Back in 2010, the State Water Resources Board released a study that said survival for salmon and the San Joaquin Delta depended on far greater flows from the local rivers, including the San Joaquin, Tuolumne, Stanislaus, and Merced Rivers.“
Apoplectic” doesn’t begin to describe the reaction from local water districts. Jeff Barton, assistant general manager for engineering and water resources at the Turlock Irrigation District said, “It would be devastating.”The Modesto Irrigation District’s (MID) general counsel, Tim O’Laughlin, said that, “The releases would mean that Don Pedro Reservoir would never fill again.” He added that enough river water could be lost to irrigate 125,000 to 200,000 acres of San Joaquin Valley farmland.
Today, MID officials and staff talk about surplus water, even though the Delta and salmon are as endangered as ever. In fact, they argue that if we don’t sell water, it will be taken for fish. They seem unable to admit the water will be taken anyway. What’s left will be their share, and it’s more than likely to be far less than they receive now.
The allocation of northern California water is one of the state’s great boondoggles. In many cases water is pumped at public expense to arid portions of the state mainly because it enriches speculators who long ago realized the value of using tax dollars to further their own interests. The folly of farming poor land at public expense is now exposed as we find increasingly severe problems with salinity and nitrate contamination in more and more areas of our San Joaquin Valley. And much of the water that isn’t used to farm unsuitable land goes to urban growth.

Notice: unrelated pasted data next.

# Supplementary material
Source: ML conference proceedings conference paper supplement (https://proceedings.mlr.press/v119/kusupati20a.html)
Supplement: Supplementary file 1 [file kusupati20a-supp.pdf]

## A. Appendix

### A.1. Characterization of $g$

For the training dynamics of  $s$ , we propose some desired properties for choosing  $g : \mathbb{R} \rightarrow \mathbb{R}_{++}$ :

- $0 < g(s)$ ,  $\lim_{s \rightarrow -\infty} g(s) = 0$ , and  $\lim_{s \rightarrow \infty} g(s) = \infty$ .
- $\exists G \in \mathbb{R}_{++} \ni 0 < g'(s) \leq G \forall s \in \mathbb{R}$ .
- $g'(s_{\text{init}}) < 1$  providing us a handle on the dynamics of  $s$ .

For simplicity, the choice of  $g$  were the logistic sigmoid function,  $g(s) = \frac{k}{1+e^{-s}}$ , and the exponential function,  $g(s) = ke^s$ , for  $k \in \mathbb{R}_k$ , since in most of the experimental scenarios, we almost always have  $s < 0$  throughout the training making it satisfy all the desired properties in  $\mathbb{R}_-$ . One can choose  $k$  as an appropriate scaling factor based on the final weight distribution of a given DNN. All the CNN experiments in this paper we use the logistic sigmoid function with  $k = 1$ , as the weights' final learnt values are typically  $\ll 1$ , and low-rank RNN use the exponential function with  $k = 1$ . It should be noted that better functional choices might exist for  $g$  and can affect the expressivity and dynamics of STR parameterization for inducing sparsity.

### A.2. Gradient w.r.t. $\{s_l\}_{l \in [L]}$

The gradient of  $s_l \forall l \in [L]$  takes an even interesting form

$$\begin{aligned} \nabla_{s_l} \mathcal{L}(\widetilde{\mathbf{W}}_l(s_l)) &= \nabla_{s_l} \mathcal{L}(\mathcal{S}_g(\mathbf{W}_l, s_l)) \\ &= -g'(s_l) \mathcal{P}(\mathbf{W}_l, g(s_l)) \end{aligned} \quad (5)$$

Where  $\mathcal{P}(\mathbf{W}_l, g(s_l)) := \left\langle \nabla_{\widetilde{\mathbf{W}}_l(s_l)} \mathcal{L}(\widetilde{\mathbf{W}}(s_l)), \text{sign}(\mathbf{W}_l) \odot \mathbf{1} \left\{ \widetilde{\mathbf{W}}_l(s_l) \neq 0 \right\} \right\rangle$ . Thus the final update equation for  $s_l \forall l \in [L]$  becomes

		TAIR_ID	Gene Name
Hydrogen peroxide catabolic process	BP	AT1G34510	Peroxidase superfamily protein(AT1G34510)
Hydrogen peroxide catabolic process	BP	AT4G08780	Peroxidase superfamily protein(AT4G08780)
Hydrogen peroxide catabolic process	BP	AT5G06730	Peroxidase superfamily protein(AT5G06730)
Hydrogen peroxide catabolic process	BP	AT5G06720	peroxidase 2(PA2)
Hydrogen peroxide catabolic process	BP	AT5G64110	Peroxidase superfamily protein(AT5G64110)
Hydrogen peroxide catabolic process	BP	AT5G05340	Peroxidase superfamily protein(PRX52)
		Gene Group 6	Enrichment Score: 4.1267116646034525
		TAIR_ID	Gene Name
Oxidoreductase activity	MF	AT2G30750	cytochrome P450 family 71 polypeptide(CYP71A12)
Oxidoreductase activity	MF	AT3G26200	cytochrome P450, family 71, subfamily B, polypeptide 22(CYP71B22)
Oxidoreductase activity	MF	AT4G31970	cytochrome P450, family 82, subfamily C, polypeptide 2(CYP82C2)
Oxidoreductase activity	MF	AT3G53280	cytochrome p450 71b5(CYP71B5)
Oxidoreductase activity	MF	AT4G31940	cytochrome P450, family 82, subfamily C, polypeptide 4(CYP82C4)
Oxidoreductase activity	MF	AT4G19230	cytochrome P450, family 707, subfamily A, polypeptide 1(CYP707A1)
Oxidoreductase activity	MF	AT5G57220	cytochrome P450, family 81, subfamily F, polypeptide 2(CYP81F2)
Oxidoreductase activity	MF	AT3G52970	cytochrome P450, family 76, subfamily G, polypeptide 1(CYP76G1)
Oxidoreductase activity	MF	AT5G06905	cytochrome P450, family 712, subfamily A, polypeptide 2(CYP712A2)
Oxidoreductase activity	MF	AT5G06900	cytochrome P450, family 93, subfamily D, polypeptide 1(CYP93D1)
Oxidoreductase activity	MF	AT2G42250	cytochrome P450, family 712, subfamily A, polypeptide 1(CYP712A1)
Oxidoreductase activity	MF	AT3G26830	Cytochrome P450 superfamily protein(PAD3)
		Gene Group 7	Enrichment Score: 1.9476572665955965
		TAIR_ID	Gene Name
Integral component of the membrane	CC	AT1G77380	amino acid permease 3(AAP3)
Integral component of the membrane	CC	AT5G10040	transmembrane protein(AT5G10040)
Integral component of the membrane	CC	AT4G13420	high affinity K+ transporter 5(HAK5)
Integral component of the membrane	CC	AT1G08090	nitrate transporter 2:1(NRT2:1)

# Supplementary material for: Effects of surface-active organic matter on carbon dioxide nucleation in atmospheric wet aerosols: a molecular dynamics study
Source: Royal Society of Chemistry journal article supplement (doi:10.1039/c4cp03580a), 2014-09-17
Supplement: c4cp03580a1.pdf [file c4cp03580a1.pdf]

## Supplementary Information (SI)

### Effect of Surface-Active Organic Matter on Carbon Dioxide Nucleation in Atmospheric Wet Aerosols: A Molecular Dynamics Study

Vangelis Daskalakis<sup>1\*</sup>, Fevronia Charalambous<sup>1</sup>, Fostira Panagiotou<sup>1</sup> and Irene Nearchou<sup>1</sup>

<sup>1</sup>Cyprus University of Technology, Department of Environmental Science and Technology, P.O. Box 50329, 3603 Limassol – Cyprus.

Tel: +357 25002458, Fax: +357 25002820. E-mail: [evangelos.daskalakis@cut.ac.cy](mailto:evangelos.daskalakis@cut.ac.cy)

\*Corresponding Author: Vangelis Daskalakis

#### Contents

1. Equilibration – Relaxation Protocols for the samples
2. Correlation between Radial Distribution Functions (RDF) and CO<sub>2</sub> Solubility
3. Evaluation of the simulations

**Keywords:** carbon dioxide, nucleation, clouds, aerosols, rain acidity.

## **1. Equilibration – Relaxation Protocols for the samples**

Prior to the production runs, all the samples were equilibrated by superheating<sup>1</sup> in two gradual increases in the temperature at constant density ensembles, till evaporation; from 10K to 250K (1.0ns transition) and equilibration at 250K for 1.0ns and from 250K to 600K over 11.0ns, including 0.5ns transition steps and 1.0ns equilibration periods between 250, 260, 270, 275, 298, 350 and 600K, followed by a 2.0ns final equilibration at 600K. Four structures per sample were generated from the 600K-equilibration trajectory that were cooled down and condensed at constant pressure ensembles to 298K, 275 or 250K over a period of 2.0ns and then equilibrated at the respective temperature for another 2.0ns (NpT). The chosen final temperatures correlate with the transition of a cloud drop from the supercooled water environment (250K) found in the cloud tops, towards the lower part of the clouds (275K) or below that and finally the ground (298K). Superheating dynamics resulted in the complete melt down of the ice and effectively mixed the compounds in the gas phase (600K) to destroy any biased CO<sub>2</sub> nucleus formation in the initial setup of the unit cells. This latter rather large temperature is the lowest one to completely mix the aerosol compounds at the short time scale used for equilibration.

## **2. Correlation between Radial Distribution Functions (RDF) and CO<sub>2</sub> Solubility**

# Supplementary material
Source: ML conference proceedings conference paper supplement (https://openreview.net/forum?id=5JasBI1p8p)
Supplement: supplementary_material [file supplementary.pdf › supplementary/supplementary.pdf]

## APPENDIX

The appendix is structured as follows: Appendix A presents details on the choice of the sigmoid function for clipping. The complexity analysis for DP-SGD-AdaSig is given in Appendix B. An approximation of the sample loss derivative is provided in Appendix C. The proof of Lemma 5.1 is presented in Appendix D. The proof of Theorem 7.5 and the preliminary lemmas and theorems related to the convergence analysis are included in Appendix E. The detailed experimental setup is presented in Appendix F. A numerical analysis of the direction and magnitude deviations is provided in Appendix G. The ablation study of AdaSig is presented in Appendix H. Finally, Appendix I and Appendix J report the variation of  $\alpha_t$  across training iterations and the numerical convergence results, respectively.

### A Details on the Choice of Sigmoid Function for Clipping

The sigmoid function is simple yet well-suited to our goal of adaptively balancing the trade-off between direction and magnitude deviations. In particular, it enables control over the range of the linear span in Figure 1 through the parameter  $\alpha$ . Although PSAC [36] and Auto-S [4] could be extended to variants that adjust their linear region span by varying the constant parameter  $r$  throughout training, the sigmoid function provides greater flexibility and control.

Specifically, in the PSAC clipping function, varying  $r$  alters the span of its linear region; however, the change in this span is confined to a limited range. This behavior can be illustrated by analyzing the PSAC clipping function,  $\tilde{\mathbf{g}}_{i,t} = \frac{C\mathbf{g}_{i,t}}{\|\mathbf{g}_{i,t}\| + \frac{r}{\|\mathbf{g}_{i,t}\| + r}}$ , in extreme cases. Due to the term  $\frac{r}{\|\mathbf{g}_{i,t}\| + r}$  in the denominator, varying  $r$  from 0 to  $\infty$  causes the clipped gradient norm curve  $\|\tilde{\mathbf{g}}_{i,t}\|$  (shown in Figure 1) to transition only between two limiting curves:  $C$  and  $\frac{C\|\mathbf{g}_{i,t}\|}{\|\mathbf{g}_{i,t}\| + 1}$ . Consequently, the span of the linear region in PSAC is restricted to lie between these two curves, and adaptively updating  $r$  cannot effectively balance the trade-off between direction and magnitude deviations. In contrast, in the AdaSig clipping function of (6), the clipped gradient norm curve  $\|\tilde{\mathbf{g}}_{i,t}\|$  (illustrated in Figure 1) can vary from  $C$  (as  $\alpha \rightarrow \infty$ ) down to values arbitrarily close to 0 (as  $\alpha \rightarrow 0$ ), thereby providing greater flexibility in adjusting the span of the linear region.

Meanwhile, Stanislaus County, with its unique combination of water, soils, climate, and world class farmers, is recording record harvests as the farm economy continues to boom even during one of the state’s and nation’s worst recessions ever.
Most opposition to restored salmon runs and a secure delta ecosystem comes in the form of denial. The most common criticism is that restored flows won’t necessarily bring back the salmon runs. Experts disagree, and there’s more evidence every day that they’re right about the relationship between flows and salmon.
Only a few months after removal of the hundred-year old Elwha Dam in Washington’s Olympic National Park, salmon and steelhead trout have returned to spawn. Californians are fortunate in that they won’t need major dam removal to restore salmon runs. In fact, if they’re wise, they’ll reduce flows to regions that have proven records of misuse and use state water more responsibly.
San Francisco, for example, is asking for more water despite a failure to implement conservation measures widely adopted by other west coast cities. Water barons like Stuart Resnick keep demanding more water for irrigation where harmful farming practices have both depleted and poisoned the aquifer. How much sense does it make to pump water south where it plays a central role in poisoning the landscape as opposed to keeping it where its value is multiplied exponentially by robust farms and fisheries?
At best, supporters of selling water for urban growth have developed severe cases of amnesia. At worst, they’re aiding and abetting policies that can only impair the economic recovery of our state and nation.